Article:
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UH Seidman cancer center expert presents triple-negative breast cancer immunotherapy trial

December 08, 2016

CLEVELAND: A researcher from University Hospitals Seidman Cancer Center will discuss his upcoming immunotherapy clinical trial for triple-negative breast cancer at the 2016 San Antonio Breast Cancer Symposium. The annual symposium is the premier meeting for more than 7,500 physicians and scientists dedicated to breast cancer treatment, featuring state-of-the-art breast cancer research such as experimental biology, etiology, prevention, diagnosis, and therapy of both breast cancer and premalignant breast disease.

Joseph Baar, MD, PhD, Director of Breast Cancer Research at UH Seidman Cancer Center and Associate Professor at Case Western Reserve University School of Medicine, will share details about a phase II clinical trial testing the effectiveness of combining the chemotherapy drugs carboplatin and nab-paclitaxel with an immunotherapeutic agent called pembrolizumab (Keytruda) for use in patients with metastatic triple-negative breast cancer. Dr. Baar's poster presentation will be part of the Ongoing Trials-Targeted Therapy session on December 8, 2016 from 5 pm to 7 pm.

"Up until now, women with triple-negative breast cancer have only had one treatment option, which is chemotherapy. However, more recently, we've seen that the immune modulator pembrolizumab improves outcomes in patients with metastatic triple-negative breast cancer," said Dr. Baar. "As a result, it is now critical to explore how the addition of pembrolizumab to chemotherapy might improve survival in patients with this type of breast cancer."

Triple-negative breast cancer is a highly aggressive form which comprises 10-15 percent of newly diagnosed early-stage breast cancer. Most triple-negative tumors are high grade and have a high incidence of recurrence and metastases (spreading to other organs). Unlike other types of breast cancer, there is no standard follow-up treatment for triple-negative breast cancer to prevent recurrence.

As triple-negative breast cancer progresses, tumor cells express a protein ligand called PD-L1, which interacts with the PD-1 receptor on T-cells. T-cells are the immune system's primary mechanism for fighting back against harmful foreign invaders. The PD-L1 to PD-1 interaction prevents the T-cell from responding to the tumor as a threat. Pembrolizumab binds to the T-cell's PD-1 receptors and therefore blocks the PD-1 to PD-L1 interaction, allowing the T-cells to be activated against the tumor cells. The research team hypothesizes that the addition of such an immunotherapeutic agent to chemotherapy will allow the body's natural immune response to reduce disease recurrence to a greater extent than either modality alone.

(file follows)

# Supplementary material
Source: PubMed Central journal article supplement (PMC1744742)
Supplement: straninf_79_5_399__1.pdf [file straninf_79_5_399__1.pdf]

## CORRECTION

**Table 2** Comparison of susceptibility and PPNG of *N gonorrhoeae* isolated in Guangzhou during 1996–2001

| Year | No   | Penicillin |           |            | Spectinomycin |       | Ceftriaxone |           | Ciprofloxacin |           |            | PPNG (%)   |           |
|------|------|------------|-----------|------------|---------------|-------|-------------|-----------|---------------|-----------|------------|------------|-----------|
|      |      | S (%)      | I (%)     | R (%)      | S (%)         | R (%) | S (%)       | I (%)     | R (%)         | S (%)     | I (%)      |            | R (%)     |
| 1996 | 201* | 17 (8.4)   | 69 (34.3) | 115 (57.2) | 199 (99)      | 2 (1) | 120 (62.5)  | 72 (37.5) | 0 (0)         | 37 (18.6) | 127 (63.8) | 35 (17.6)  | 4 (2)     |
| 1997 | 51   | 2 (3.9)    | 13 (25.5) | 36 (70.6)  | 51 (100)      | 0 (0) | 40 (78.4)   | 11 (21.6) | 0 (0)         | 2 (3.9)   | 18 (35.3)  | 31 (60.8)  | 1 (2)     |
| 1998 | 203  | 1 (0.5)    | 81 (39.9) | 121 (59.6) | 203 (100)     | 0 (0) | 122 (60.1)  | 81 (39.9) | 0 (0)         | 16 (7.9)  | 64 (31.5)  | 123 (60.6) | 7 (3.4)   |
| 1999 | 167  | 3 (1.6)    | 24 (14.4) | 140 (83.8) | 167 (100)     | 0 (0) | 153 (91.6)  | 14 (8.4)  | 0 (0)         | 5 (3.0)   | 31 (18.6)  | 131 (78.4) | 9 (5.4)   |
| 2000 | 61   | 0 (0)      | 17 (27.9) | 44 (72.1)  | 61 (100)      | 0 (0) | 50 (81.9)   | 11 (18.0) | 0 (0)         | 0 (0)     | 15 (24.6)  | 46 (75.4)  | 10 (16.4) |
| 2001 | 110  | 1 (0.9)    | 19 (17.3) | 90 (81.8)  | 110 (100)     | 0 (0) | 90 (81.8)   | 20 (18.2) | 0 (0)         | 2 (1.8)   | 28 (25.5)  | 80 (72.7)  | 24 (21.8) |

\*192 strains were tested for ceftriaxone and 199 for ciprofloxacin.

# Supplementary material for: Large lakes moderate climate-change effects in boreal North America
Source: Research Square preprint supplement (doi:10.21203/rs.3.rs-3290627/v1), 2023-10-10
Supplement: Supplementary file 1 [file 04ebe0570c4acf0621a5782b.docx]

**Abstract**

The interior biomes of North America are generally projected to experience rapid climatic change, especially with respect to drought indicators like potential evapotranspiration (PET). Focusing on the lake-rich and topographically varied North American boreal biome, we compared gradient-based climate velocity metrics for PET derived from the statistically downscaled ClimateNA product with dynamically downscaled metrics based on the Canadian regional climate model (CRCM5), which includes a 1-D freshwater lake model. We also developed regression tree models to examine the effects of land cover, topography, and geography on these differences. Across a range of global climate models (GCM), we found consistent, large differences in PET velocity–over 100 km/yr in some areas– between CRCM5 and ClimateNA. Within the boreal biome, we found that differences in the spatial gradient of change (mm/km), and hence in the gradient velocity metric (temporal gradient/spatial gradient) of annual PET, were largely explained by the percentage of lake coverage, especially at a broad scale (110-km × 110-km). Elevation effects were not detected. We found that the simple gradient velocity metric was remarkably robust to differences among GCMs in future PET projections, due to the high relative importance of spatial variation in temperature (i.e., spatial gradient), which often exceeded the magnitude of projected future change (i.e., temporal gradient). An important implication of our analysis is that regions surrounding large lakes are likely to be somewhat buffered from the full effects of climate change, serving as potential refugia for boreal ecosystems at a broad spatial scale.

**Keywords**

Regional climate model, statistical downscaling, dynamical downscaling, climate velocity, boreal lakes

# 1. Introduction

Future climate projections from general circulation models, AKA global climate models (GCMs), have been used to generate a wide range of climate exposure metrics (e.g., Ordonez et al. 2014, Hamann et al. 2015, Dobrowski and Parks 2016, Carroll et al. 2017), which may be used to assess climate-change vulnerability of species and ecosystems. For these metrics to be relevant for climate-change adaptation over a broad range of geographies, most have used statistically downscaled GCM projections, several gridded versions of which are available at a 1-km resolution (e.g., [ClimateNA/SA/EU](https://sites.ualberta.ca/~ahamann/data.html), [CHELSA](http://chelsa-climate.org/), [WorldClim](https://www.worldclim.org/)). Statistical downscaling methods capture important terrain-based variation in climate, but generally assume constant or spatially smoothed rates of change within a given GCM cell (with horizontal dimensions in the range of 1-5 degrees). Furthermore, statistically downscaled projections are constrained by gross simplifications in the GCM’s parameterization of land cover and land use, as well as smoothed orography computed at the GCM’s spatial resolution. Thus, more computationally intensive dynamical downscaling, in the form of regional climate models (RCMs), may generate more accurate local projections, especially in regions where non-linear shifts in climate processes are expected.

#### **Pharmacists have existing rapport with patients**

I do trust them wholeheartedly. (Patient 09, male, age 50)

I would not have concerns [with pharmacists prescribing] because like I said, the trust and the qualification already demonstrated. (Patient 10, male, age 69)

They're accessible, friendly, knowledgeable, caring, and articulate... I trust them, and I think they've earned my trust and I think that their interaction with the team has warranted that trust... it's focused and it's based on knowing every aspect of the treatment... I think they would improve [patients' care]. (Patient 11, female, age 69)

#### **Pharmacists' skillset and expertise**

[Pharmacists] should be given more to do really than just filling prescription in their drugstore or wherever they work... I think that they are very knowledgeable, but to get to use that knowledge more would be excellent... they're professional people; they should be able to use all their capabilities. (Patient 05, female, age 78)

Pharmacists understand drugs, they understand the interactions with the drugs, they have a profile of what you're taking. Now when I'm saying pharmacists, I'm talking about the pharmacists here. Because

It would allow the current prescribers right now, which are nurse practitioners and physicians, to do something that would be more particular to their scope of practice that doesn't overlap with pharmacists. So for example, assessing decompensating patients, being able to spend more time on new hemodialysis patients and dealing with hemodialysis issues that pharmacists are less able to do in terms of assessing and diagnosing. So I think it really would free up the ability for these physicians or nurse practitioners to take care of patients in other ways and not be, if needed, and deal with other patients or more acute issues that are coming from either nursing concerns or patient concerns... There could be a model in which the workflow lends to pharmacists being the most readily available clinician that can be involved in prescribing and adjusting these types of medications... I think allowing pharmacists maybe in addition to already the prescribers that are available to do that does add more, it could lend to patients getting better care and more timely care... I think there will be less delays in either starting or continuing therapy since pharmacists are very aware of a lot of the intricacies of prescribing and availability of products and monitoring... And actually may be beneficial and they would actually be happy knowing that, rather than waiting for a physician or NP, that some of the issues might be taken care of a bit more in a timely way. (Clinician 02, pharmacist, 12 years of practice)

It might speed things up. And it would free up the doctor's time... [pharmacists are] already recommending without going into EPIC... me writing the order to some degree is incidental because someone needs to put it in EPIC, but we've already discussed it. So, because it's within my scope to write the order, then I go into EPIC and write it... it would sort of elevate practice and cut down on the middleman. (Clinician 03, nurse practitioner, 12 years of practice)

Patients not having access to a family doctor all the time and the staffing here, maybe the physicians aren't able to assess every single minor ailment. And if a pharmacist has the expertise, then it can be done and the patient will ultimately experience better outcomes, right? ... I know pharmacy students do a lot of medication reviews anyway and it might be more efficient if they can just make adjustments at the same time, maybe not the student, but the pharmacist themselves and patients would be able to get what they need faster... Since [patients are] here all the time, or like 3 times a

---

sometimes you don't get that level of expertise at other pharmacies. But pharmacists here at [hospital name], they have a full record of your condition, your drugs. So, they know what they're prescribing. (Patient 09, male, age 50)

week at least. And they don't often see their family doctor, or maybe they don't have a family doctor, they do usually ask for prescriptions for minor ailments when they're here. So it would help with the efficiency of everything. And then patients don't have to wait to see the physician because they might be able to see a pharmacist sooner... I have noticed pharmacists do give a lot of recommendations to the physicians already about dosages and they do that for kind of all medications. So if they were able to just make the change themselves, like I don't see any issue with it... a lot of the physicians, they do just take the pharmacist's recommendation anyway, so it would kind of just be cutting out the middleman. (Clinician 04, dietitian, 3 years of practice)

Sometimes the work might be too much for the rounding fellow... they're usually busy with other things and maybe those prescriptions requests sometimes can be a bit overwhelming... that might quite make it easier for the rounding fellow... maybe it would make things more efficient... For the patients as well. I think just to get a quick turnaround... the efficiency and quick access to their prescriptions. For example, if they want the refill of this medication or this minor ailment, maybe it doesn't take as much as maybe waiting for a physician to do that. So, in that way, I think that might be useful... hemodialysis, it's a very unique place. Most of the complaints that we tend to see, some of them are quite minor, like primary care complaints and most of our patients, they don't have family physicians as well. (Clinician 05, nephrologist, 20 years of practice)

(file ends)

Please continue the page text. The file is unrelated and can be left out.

This is the first phase II trial to study the effectiveness of combining these two chemotherapeutic agents with the immunotherapeutic agent pembrolizumab for this type of cancer.

The trial will enroll approximately 30 patients beginning in early 2017. Eligible patients must have radiologically measurable and documented metastatic triple negative breast cancer, be mostly functional day to day as measured by an ECOG performance status of between zero and one, must not have received more than two prior therapies for this disease, and must be willing to undergo a preliminary biopsy for research purposes. The trial is sponsored by Merck, which produces pembrolizumab as Keytruda.

"Trials our faculty members present at SABCS and other research meetings around the world illustrate the remarkable advances in oncology taking place today," says Neal J. Meropol, MD, Chief, Division of Hematology and Oncology, University Hospitals Seidman Cancer Center and Associate Director for Clinical Research, Case Comprehensive Cancer Center at Case Western Reserve.
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The symposium takes place December 6-10, 2016, and is hosted by The Cancer Therapy & Research Center at the University of Texas Health Science Center at San Antonio, the American Association for Cancer Research, and Baylor College of Medicine.

About University Hospitals

Founded in 1866, University Hospitals serves the needs of over 1 million patients per year through an integrated network of 18 hospitals, more than 40 outpatient health centers and 200 physician offices in 15 counties throughout northern Ohio. The system's flagship academic medical center, University Hospitals Cleveland Medical Center, located on a 35-acre campus in Cleveland's University Circle, is affiliated with Case Western Reserve University School of Medicine. The main campus also includes University Hospitals Rainbow Babies & Children's Hospital, ranked among the top children's hospitals in the nation; University Hospitals MacDonald Women's Hospital, Ohio's only hospital for women; and University Hospitals Seidman Cancer Center, part of the NCI-designated Case Comprehensive Cancer Center. UH is home to some of the most prestigious clinical and research programs in the nation, including cancer, pediatrics, women's health, orthopedics, radiology, neuroscience, cardiology and cardiovascular surgery, digestive health, dermatology, transplantation and urology. UH Cleveland Medical Center is perennially among the highest performers in national ranking surveys, including "America's Best Hospitals" from U.S. News & World Report. UH is also home to Harrington Discovery Institute at University Hospitals - part of The Harrington Project for Discovery & Development. UH is the second largest employer in northern Ohio with 26,000 employees. For more information, go to UHhospitals.org.

University Hospitals Cleveland Medical Center

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